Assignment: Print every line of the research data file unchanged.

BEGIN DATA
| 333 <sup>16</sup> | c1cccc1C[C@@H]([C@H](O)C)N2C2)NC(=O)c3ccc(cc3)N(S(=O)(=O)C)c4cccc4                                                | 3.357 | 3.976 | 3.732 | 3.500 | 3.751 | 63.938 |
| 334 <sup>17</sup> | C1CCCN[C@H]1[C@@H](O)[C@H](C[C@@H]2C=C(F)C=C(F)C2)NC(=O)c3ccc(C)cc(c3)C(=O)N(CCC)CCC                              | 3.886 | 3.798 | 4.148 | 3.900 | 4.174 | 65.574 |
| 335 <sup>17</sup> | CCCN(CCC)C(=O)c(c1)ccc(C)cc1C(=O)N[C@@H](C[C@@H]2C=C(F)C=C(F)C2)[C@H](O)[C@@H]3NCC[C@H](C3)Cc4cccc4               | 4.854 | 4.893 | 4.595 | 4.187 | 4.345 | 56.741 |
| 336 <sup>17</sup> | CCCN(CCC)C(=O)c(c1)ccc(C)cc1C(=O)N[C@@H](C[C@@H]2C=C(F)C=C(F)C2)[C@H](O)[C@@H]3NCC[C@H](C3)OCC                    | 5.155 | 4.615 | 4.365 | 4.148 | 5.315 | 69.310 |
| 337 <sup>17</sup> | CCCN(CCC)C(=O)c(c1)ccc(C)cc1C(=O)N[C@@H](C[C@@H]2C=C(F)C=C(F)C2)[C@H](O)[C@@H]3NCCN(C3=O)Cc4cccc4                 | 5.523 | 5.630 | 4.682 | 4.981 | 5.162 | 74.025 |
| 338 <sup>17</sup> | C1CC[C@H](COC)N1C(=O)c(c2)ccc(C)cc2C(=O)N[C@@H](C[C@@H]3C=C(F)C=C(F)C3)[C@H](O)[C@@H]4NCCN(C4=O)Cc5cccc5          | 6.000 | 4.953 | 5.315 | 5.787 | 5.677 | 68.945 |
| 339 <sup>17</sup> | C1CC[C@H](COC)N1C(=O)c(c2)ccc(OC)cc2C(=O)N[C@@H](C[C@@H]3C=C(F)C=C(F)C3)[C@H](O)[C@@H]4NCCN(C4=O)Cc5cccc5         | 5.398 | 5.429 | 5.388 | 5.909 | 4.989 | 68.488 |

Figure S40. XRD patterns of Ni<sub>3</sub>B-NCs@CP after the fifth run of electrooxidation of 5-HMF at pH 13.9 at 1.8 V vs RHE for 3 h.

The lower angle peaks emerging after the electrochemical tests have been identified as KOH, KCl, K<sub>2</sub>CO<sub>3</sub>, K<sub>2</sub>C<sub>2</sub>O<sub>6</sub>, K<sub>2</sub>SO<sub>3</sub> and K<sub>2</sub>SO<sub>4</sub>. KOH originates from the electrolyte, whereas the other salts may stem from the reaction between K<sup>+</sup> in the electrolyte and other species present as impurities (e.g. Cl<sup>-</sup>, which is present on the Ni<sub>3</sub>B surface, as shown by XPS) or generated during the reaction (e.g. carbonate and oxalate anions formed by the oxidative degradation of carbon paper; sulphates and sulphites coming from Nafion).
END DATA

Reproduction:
| 333 <sup>16</sup> | c1cccc1C[C@@H]([C@H](O)C)N2C2)NC(=O)c3ccc(cc3)N(S(=O)(=O)C)c4cccc4                                                | 3.357 | 3.976 | 3.732 | 3.500 | 3.751 | 63.938 |
| 334 <sup>17</sup> | C1CCCN[C@H]1[C@@H](O)[C@H](C[C@@H]2C=C(F)C=C(F)C2)NC(=O)c3ccc(C)cc(c3)C(=O)N(CCC)CCC                              | 3.886 | 3.798 | 4.148 | 3.900 | 4.174 | 65.574 |
| 335 <sup>17</sup> | CCCN(CCC)C(=O)c(c1)ccc(C)cc1C(=O)N[C@@H](C[C@@H]2C=C(F)C=C(F)C2)[C@H](O)[C@@H]3NCC[C@H](C3)Cc4cccc4               | 4.854 | 4.893 | 4.595 | 4.187 | 4.345 | 56.741 |
| 336 <sup>17</sup> | CCCN(CCC)C(=O)c(c1)ccc(C)cc1C(=O)N[C@@H](C[C@@H]2C=C(F)C=C(F)C2)[C@H](O)[C@@H]3NCC[C@H](C3)OCC                    | 5.155 | 4.615 | 4.365 | 4.148 | 5.315 | 69.310 |
| 337 <sup>17</sup> | CCCN(CCC)C(=O)c(c1)ccc(C)cc1C(=O)N[C@@H](C[C@@H]2C=C(F)C=C(F)C2)[C@H](O)[C@@H]3NCCN(C3=O)Cc4cccc4                 | 5.523 | 5.630 | 4.682 | 4.981 | 5.162 | 74.025 |
| 338 <sup>17</sup> | C1CC[C@H](COC)N1C(=O)c(c2)ccc(C)cc2C(=O)N[C@@H](C[C@@H]3C=C(F)C=C(F)C3)[C@H](O)[C@@H]4NCCN(C4=O)Cc5cccc5          | 6.000 | 4.953 | 5.315 | 5.787 | 5.677 | 68.945 |
| 339 <sup>17</sup> | C1CC[C@H](COC)N1C(=O)c(c2)ccc(OC)cc2C(=O)N[C@@H](C[C@@H]3C=C(F)C=C(F)C3)[C@H](O)[C@@H]4NCCN(C4=O)Cc5cccc5         | 5.398 | 5.429 | 5.388 | 5.909 | 4.989 | 68.488 |

Figure S40. XRD patterns of Ni<sub>3</sub>B-NCs@CP after the fifth run of electrooxidation of 5-HMF at pH 13.9 at 1.8 V vs RHE for 3 h.

The lower angle peaks emerging after the electrochemical tests have been identified as KOH, KCl, K<sub>2</sub>CO<sub>3</sub>, K<sub>2</sub>C<sub>2</sub>O<sub>6</sub>, K<sub>2</sub>SO<sub>3</sub> and K<sub>2</sub>SO<sub>4</sub>. KOH originates from the electrolyte, whereas the other salts may stem from the reaction between K<sup>+</sup> in the electrolyte and other species present as impurities (e.g. Cl<sup>-</sup>, which is present on the Ni<sub>3</sub>B surface, as shown by XPS) or generated during the reaction (e.g. carbonate and oxalate anions formed by the oxidative degradation of carbon paper; sulphates and sulphites coming from Nafion).